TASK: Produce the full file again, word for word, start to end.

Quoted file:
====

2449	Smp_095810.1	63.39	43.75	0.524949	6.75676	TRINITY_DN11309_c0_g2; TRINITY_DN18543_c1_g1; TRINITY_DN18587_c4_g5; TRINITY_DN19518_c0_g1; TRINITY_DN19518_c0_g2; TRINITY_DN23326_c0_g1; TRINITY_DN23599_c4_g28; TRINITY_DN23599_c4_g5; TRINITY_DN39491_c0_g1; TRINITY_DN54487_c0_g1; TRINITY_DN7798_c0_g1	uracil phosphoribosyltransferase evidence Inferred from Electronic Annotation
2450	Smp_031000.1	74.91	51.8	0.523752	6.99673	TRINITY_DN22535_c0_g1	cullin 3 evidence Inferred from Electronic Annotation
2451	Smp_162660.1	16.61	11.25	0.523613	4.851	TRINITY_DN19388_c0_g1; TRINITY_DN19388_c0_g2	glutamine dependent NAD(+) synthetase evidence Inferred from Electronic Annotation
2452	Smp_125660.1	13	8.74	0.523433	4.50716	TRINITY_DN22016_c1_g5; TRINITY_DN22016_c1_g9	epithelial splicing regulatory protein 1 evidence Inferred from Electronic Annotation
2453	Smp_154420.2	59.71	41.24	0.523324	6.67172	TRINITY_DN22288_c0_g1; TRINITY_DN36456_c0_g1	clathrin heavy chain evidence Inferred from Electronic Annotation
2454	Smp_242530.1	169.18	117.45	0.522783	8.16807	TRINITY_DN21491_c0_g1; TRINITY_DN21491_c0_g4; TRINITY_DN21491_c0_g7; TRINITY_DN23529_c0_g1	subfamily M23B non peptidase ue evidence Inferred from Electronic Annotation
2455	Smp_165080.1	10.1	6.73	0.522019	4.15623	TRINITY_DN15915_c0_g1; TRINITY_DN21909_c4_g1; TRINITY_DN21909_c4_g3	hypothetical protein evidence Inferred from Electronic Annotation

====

2449	Smp_095810.1	63.39	43.75	0.524949	6.75676	TRINITY_DN11309_c0_g2; TRINITY_DN18543_c1_g1; TRINITY_DN18587_c4_g5; TRINITY_DN19518_c0_g1; TRINITY_DN19518_c0_g2; TRINITY_DN23326_c0_g1; TRINITY_DN23599_c4_g28; TRINITY_DN23599_c4_g5; TRINITY_DN39491_c0_g1; TRINITY_DN54487_c0_g1; TRINITY_DN7798_c0_g1	uracil phosphoribosyltransferase evidence Inferred from Electronic Annotation
2450	Smp_031000.1	74.91	51.8	0.523752	6.99673	TRINITY_DN22535_c0_g1	cullin 3 evidence Inferred from Electronic Annotation
2451	Smp_162660.1	16.61	11.25	0.523613	4.851	TRINITY_DN19388_c0_g1; TRINITY_DN19388_c0_g2	glutamine dependent NAD(+) synthetase evidence Inferred from Electronic Annotation
2452	Smp_125660.1	13	8.74	0.523433	4.50716	TRINITY_DN22016_c1_g5; TRINITY_DN22016_c1_g9	epithelial splicing regulatory protein 1 evidence Inferred from Electronic Annotation
2453	Smp_154420.2	59.71	41.24	0.523324	6.67172	TRINITY_DN22288_c0_g1; TRINITY_DN36456_c0_g1	clathrin heavy chain evidence Inferred from Electronic Annotation
2454	Smp_242530.1	169.18	117.45	0.522783	8.16807	TRINITY_DN21491_c0_g1; TRINITY_DN21491_c0_g4; TRINITY_DN21491_c0_g7; TRINITY_DN23529_c0_g1	subfamily M23B non peptidase ue evidence Inferred from Electronic Annotation
2455	Smp_165080.1	10.1	6.73	0.522019	4.15623	TRINITY_DN15915_c0_g1; TRINITY_DN21909_c4_g1; TRINITY_DN21909_c4_g3	hypothetical protein evidence Inferred from Electronic Annotation